The Fourth Amendment of the United States Constitution guarantees citizens the right from unreasonable searches and seizures.[78] In order to determine whether the officers' conduct violated Plaintiff's Fourth Amendment rights by using excessive force, Plaintiff must establish that he suffered “(1) an injury that (2) resulted directly and only from the use of force that was excessive to the need and that (3) the force used was objectively unreasonable.”[79] “Assessing the reasonableness of a police officer's use of force involves ‘a careful balancing of the nature and quality of the intrusion on the individual's Fourth Amendment interests against the countervailing governmental interest at stake.'”[80] Courts within the Fifth Circuit have considered several factors when assessing the reasonableness of the use of force, including: “the severity of the crime at issue, whether the suspect poses an immediate threat to the safety of the officers or others, and whether he is actively resisting arrest.”[81] “[W]e must balance the amount of force used against the need for force, ” paying “careful attention to the facts and circumstances of each particular case.”[82]

         The Supreme Court has made clear that an objective standard of analysis-one that does not take into account subjective intent-is used when evaluating an officer's actions.[83] The Court has also held that a government officer's actions are entitled to deference:

The “reasonableness” of a particular use of force must be judged from the perspective of a reasonable officer on the scene, rather than with the 20/20 vision of hindsight…The calculus of reasonableness must embody allowance for the fact that police officers are often forced to make split-second judgments in circumstances that are tense, uncertain, and rapidly evolving about the amount of force that is necessary in a particular situation.[84]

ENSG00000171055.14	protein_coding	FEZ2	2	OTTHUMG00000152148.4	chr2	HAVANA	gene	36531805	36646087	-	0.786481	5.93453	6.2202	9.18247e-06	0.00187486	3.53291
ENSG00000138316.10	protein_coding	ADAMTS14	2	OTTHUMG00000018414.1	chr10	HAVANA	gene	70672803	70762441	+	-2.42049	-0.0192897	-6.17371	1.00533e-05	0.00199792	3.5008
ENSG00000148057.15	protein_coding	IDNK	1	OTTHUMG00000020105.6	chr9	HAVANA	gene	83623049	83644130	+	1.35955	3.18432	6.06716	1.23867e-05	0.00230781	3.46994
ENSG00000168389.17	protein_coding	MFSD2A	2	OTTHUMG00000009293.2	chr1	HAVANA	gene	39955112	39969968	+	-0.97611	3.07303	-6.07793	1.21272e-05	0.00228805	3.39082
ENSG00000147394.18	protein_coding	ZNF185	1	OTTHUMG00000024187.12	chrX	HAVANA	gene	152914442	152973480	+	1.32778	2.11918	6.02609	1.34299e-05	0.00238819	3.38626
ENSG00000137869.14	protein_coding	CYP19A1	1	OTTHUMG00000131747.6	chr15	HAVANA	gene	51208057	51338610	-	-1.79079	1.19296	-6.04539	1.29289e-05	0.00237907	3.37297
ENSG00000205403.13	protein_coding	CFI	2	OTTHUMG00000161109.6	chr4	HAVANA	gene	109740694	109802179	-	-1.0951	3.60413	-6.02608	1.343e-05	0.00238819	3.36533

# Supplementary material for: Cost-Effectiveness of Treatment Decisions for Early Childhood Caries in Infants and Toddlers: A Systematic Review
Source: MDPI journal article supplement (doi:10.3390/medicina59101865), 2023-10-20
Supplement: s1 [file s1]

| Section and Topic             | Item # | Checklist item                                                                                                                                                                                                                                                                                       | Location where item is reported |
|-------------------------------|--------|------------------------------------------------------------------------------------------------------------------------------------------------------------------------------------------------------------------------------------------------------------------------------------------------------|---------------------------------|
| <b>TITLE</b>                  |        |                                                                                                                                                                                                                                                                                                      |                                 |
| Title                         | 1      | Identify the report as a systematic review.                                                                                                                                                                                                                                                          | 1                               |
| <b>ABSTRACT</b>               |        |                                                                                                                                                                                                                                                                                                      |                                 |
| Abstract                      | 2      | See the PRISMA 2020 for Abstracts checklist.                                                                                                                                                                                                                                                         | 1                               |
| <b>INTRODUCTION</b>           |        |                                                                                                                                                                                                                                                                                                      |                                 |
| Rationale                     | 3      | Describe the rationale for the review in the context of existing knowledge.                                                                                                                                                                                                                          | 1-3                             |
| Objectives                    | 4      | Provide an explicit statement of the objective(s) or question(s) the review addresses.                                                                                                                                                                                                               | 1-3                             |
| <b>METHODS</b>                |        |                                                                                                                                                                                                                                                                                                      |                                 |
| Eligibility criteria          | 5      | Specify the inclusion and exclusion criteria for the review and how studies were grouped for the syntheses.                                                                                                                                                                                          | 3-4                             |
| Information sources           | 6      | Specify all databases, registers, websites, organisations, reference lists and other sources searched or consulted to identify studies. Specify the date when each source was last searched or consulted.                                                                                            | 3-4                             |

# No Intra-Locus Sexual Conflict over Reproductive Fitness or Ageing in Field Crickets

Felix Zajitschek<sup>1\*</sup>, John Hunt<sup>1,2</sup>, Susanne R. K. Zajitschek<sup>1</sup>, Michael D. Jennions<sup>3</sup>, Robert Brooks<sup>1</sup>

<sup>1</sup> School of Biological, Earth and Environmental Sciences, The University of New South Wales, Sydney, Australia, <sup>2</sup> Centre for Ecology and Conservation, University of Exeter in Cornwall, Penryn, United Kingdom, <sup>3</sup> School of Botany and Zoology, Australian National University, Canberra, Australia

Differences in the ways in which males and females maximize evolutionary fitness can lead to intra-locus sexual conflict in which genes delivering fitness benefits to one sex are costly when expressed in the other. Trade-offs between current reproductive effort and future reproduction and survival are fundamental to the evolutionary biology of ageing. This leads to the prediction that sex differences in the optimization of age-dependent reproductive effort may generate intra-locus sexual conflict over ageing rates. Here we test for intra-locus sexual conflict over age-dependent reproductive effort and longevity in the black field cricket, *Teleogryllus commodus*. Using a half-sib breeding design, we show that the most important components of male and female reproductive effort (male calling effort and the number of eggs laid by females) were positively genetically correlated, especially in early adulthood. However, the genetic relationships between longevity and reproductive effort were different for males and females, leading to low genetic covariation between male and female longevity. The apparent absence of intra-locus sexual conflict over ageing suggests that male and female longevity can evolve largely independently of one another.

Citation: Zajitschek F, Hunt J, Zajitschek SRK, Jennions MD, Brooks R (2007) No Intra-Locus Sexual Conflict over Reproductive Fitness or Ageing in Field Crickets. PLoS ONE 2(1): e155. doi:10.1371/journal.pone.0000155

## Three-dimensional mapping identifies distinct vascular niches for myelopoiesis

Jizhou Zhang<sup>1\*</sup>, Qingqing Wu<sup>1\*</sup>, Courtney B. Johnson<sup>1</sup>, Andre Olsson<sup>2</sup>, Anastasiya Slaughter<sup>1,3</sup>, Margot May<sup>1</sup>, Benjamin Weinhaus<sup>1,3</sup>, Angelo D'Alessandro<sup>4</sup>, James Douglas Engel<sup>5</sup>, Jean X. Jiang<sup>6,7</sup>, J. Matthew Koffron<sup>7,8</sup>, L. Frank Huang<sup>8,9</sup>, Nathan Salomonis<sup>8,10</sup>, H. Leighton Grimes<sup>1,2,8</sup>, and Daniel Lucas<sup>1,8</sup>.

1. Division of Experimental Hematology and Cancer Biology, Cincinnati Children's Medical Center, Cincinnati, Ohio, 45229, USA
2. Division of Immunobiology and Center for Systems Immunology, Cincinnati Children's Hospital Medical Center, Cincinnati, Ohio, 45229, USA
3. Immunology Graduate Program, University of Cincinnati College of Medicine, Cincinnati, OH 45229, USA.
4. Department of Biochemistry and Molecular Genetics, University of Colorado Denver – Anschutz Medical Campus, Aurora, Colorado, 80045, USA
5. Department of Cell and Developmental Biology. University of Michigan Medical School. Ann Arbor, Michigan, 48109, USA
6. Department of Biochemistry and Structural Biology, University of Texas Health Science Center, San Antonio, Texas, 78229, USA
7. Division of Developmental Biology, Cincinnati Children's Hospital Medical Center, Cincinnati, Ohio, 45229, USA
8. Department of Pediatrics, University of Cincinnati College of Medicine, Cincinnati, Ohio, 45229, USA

i. Plaintiff's First Excessive Force Claim: Front Porch of Residence

         Turning to the facts of this case, it is evident that each of the officers knew that they were responding to a potentially dangerous crime scene where the suspect was reported to have attacked his sister with a deadly weapon earlier that same day. The mere fact that they were part of a team of six officers responding to the scene is another indication of the Defendants' objective belief of the threat that the suspect posed to their safety. The evidence also shows that Plaintiff failed to comply with Gillich's initial instructions ordering Dexter to turn around and proceed outside of the residence with his arms behind his back. Gillich's sworn testimony detailing Dexter's resistance[85] is corroborated by Blackwell's first-hand observations stated in his sworn affidavit.[86]

         The record also demonstrates that Blackwell's involvement in the initial physical altercation between Dexter and Gillich on the front porch of the residence (i.e. holding Dexter's head against the wall of the residence) was prompted by Plaintiff's initial resistance to Gillich's attempt to place him under arrest.